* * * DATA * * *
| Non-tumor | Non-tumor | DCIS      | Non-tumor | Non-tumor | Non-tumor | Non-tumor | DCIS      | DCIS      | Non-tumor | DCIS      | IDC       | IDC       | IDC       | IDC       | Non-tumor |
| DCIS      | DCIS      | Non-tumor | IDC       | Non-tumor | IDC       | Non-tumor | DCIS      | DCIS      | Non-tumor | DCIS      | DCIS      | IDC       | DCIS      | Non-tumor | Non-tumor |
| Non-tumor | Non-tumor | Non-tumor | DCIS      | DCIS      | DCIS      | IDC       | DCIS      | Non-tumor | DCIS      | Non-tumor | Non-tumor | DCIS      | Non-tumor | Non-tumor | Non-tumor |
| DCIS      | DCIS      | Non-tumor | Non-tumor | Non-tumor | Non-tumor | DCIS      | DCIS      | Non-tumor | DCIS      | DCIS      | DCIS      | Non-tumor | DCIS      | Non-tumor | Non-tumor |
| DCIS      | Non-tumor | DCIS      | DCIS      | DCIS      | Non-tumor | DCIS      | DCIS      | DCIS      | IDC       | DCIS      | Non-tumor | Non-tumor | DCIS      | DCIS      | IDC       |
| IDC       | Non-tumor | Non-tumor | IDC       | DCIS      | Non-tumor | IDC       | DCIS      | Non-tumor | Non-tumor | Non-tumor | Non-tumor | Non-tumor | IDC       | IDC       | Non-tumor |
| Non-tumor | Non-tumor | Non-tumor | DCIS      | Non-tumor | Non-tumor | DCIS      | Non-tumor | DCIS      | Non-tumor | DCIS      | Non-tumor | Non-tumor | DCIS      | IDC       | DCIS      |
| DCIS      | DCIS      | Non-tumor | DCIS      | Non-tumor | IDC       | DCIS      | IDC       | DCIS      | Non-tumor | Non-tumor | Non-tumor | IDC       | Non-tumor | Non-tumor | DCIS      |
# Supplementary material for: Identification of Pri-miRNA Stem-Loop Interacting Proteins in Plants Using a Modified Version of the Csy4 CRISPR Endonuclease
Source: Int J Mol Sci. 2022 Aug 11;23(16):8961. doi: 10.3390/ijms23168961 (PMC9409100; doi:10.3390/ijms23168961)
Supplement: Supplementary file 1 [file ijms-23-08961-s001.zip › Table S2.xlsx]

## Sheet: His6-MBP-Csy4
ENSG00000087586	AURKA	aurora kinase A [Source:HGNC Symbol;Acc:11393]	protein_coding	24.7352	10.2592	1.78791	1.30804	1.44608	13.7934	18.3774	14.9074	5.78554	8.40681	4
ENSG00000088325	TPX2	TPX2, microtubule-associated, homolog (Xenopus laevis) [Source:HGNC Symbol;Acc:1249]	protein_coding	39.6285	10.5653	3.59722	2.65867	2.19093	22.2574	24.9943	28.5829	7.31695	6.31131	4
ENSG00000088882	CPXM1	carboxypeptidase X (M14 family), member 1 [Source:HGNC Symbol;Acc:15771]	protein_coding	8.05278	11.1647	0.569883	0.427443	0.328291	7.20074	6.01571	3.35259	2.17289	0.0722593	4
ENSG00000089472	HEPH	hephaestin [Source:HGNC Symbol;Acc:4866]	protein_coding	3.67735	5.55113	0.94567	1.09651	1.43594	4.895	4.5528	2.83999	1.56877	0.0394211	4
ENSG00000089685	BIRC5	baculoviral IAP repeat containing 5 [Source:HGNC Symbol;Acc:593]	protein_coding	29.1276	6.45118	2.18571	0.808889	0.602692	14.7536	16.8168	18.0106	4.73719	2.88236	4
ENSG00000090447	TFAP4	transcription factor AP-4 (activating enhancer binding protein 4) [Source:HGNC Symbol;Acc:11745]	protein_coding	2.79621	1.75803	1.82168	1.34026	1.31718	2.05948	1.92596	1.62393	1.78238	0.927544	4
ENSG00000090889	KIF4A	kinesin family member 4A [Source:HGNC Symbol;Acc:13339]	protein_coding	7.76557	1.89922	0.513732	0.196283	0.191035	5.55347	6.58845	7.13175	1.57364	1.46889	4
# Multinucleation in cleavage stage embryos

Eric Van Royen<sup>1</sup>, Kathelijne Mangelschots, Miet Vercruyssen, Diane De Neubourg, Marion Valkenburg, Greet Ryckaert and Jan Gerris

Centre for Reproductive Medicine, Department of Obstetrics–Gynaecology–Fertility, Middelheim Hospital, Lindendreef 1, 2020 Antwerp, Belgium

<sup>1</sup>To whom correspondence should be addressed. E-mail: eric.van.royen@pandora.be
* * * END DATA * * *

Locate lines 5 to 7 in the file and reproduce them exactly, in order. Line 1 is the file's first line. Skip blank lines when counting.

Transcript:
| DCIS      | Non-tumor | DCIS      | DCIS      | DCIS      | Non-tumor | DCIS      | DCIS      | DCIS      | IDC       | DCIS      | Non-tumor | Non-tumor | DCIS      | DCIS      | IDC       |
| IDC       | Non-tumor | Non-tumor | IDC       | DCIS      | Non-tumor | IDC       | DCIS      | Non-tumor | Non-tumor | Non-tumor | Non-tumor | Non-tumor | IDC       | IDC       | Non-tumor |
| Non-tumor | Non-tumor | Non-tumor | DCIS      | Non-tumor | Non-tumor | DCIS      | Non-tumor | DCIS      | Non-tumor | DCIS      | Non-tumor | Non-tumor | DCIS      | IDC       | DCIS      |